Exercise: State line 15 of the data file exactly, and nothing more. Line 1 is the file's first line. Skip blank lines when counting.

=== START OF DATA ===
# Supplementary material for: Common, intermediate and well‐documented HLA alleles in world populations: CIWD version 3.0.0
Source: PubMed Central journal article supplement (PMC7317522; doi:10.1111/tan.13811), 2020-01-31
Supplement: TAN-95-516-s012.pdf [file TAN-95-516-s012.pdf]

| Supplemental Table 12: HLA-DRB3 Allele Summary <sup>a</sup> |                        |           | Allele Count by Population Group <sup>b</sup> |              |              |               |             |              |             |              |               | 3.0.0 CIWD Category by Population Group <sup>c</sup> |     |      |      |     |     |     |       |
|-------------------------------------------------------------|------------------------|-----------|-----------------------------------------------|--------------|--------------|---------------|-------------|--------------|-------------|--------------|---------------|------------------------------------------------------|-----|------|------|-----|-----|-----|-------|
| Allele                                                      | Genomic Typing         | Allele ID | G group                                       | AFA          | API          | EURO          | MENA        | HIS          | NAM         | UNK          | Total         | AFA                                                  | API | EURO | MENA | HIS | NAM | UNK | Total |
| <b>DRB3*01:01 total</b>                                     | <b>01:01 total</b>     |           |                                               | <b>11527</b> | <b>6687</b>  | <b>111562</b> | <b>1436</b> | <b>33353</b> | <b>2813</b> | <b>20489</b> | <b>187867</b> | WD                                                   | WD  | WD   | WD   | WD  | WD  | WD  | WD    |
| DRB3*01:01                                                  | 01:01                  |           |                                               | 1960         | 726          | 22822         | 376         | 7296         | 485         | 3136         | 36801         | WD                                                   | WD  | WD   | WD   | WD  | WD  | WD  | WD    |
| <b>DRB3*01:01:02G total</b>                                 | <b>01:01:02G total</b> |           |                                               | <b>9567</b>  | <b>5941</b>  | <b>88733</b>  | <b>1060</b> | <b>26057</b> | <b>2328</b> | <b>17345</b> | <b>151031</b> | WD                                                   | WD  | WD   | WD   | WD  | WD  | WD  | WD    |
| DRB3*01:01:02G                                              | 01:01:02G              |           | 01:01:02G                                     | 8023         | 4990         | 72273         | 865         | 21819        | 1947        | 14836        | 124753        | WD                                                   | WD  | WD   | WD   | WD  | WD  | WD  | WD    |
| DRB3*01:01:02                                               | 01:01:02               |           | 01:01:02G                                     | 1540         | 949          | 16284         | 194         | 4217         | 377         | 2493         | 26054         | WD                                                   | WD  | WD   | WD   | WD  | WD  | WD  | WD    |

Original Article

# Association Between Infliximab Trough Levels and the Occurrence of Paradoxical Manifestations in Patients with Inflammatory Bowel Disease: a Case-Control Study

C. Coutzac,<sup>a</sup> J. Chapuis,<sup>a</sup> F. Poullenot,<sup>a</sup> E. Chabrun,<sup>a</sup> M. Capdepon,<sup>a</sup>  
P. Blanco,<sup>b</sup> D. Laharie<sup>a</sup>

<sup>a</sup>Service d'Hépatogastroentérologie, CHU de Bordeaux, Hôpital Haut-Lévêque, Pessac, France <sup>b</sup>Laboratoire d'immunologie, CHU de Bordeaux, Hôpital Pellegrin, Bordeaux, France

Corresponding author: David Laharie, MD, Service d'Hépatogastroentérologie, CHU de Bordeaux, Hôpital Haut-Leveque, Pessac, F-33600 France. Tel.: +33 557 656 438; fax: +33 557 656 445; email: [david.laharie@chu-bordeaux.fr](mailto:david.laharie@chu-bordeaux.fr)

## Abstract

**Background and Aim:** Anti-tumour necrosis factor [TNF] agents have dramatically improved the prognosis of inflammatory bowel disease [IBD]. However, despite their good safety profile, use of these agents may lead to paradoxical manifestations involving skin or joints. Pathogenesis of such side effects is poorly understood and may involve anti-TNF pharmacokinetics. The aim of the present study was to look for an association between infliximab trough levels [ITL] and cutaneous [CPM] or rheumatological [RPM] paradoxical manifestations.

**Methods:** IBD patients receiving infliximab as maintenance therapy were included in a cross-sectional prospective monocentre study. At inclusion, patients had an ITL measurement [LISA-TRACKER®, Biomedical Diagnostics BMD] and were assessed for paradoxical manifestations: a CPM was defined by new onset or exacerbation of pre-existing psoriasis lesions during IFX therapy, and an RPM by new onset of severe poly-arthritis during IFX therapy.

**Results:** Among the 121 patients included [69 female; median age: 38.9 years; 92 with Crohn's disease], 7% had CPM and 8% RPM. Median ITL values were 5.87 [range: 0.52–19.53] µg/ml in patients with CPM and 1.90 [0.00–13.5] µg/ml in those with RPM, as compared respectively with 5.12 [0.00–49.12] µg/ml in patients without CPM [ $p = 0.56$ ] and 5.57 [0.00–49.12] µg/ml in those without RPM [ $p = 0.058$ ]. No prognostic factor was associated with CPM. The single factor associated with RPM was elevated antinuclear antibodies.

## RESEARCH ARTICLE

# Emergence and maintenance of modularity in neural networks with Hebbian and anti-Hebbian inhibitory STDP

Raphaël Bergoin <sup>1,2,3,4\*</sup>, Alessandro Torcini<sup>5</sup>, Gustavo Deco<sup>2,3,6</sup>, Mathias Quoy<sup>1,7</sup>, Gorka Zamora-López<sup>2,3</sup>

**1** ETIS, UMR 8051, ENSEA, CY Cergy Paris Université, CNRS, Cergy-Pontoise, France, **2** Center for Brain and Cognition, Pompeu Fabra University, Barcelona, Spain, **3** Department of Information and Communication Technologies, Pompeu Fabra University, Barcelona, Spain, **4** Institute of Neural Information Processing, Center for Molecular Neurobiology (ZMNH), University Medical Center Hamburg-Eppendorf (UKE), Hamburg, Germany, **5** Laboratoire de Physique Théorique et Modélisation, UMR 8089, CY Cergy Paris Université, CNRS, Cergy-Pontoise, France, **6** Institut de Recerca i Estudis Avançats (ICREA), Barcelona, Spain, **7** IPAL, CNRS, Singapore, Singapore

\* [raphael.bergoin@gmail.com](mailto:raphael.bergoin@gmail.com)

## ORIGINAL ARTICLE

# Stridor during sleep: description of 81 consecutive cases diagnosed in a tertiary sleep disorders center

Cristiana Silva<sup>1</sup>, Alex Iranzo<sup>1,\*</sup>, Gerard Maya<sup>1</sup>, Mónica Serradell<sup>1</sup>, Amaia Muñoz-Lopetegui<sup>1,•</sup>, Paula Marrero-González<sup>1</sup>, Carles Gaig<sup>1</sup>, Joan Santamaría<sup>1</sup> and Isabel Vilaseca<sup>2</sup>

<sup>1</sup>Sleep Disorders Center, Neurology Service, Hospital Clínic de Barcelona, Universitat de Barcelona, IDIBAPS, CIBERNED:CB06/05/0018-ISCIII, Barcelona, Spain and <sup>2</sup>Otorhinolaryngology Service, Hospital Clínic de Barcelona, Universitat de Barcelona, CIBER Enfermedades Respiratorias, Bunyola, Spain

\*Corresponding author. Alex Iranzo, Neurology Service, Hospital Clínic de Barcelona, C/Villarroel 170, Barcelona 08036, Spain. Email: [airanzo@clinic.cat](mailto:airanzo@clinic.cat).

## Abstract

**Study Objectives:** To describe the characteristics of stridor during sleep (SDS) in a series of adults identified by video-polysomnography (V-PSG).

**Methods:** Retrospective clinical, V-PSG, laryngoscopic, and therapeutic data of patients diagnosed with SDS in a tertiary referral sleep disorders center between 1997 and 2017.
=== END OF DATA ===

P. Blanco,<sup>b</sup> D. Laharie<sup>a</sup>